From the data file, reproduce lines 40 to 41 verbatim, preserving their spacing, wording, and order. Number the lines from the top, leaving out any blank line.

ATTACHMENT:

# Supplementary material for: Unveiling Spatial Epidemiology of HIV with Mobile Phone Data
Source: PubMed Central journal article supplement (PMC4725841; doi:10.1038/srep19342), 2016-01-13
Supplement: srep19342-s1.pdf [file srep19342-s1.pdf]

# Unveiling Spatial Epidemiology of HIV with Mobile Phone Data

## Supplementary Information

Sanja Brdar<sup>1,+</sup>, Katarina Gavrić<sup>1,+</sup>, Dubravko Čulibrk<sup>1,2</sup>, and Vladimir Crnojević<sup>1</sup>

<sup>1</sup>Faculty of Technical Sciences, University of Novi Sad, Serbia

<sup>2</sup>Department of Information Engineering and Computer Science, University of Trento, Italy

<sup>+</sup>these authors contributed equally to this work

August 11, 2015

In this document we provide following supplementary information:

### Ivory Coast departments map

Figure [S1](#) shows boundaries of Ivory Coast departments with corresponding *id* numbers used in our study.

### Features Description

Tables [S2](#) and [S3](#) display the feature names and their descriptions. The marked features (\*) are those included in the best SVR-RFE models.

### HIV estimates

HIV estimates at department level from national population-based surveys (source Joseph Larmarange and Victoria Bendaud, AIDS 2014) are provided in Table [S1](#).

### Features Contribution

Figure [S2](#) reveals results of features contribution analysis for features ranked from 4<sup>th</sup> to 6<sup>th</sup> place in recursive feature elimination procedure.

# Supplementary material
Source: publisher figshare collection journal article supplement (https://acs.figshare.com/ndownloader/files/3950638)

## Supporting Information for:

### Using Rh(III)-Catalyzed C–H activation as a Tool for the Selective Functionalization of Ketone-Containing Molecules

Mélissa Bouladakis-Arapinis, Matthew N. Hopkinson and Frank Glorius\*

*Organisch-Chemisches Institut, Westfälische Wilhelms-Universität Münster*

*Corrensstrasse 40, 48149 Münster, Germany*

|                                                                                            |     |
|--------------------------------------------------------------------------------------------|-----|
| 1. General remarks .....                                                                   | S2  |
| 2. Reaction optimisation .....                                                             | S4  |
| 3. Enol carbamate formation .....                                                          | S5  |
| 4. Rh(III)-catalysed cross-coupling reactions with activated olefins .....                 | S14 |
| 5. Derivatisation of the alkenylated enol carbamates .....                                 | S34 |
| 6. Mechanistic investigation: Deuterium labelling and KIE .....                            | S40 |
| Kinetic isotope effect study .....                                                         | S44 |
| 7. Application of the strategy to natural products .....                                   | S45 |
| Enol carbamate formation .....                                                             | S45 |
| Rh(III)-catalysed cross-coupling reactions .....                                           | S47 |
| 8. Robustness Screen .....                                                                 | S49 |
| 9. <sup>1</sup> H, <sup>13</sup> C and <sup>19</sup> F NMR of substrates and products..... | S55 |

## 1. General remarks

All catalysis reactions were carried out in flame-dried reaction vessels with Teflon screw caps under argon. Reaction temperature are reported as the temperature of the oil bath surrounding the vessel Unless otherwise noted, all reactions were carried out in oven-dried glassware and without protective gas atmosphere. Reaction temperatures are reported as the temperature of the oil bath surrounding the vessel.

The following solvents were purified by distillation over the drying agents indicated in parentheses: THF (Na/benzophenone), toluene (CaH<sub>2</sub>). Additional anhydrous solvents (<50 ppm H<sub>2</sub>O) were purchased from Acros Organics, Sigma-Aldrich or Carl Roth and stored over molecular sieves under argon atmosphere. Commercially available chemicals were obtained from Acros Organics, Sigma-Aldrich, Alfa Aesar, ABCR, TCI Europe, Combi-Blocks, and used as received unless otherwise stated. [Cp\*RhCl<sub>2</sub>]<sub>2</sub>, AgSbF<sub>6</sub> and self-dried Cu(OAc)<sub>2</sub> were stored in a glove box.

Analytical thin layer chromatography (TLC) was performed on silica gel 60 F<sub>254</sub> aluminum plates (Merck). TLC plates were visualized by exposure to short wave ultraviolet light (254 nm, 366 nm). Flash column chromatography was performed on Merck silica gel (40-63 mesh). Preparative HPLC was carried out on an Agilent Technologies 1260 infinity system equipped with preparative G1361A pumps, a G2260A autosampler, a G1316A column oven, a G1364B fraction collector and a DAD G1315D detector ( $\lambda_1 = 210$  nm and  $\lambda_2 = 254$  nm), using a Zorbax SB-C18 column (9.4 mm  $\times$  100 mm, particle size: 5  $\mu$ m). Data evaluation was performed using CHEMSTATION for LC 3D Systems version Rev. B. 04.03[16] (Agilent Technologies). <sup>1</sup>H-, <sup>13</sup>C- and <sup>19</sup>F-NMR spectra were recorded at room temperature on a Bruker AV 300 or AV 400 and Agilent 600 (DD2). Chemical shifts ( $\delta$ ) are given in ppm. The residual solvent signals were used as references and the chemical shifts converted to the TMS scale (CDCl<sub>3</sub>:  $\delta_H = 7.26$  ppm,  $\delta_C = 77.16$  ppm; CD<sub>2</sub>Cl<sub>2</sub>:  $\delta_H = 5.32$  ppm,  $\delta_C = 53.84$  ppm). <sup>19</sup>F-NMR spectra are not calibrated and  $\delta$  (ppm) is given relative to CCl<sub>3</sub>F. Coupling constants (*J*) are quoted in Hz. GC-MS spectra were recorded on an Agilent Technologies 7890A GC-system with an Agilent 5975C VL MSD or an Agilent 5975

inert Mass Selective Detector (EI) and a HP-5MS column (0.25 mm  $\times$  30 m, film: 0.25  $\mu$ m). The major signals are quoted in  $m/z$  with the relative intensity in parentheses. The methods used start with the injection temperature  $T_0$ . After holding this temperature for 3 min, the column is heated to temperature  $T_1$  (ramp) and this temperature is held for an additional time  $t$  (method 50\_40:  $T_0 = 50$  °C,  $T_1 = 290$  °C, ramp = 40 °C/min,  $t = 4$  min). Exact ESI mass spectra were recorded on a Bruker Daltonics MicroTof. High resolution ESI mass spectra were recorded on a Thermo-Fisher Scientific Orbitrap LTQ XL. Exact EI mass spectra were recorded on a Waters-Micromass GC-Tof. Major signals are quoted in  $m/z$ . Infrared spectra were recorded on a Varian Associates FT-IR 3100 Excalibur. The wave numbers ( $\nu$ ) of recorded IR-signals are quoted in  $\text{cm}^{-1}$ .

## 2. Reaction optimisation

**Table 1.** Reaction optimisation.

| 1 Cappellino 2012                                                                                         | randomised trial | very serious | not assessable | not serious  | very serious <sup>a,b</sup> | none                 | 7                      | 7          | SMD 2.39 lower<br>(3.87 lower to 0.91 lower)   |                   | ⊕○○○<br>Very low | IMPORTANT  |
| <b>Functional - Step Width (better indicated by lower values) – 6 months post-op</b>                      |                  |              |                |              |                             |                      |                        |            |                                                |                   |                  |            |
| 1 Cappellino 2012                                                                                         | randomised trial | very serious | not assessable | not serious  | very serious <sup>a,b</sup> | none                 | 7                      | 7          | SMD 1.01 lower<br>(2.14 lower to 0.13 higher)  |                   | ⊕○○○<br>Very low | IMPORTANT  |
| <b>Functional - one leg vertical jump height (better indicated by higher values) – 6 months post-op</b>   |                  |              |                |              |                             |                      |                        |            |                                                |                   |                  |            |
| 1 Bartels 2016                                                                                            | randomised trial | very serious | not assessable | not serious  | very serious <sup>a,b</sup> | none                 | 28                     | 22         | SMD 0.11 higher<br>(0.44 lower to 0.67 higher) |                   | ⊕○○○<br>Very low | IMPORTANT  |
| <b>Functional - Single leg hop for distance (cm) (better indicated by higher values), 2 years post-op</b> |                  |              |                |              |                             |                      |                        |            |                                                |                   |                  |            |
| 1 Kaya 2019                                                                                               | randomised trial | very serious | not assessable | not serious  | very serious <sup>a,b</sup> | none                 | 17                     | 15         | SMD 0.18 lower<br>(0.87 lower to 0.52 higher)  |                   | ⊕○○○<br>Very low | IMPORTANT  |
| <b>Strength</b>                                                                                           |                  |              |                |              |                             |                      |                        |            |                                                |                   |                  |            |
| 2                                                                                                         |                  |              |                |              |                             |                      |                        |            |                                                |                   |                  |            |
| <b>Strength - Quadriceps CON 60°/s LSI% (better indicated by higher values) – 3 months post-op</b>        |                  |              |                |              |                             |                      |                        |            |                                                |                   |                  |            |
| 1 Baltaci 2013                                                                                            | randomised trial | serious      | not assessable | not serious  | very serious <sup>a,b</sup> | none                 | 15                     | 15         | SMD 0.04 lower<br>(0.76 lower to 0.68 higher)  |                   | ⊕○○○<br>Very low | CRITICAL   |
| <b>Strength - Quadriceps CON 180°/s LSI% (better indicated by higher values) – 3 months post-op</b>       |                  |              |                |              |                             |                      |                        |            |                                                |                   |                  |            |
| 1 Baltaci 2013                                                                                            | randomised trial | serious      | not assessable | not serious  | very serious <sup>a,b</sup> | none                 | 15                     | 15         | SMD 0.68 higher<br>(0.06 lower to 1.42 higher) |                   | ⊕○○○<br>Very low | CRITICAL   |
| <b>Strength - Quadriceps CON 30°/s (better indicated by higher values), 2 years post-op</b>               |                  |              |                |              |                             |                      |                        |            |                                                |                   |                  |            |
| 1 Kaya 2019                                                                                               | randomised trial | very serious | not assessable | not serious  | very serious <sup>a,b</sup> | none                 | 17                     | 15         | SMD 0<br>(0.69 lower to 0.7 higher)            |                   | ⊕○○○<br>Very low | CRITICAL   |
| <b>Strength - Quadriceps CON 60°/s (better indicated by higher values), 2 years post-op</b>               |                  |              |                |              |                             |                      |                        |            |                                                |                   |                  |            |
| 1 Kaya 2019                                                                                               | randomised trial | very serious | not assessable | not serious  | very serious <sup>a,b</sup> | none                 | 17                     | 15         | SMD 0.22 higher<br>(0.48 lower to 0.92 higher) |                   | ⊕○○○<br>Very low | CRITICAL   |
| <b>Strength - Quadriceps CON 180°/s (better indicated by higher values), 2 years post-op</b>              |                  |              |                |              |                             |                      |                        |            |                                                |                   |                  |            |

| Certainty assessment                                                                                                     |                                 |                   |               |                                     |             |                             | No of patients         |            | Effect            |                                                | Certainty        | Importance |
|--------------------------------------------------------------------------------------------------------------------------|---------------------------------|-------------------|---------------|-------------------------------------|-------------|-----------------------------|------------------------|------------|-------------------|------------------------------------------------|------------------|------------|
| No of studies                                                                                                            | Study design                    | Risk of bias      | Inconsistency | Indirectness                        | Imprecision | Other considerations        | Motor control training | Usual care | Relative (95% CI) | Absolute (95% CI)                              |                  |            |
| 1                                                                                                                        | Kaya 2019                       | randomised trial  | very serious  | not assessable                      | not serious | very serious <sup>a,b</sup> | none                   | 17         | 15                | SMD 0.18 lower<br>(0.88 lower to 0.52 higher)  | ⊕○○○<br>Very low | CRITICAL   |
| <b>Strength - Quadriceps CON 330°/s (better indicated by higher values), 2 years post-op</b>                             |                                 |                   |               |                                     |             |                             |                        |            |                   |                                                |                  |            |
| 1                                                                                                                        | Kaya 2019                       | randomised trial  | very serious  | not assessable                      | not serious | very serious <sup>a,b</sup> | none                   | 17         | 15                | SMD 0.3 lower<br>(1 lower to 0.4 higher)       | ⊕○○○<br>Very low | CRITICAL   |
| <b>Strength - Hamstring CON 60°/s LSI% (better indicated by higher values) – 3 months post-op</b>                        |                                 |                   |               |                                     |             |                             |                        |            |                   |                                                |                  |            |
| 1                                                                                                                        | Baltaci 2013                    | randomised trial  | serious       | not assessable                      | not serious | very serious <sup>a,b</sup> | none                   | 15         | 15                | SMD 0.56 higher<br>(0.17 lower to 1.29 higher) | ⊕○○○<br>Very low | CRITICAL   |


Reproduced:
| 9. <sup>1</sup> H, <sup>13</sup> C and <sup>19</sup> F NMR of substrates and products..... | S55 |

## 1. General remarks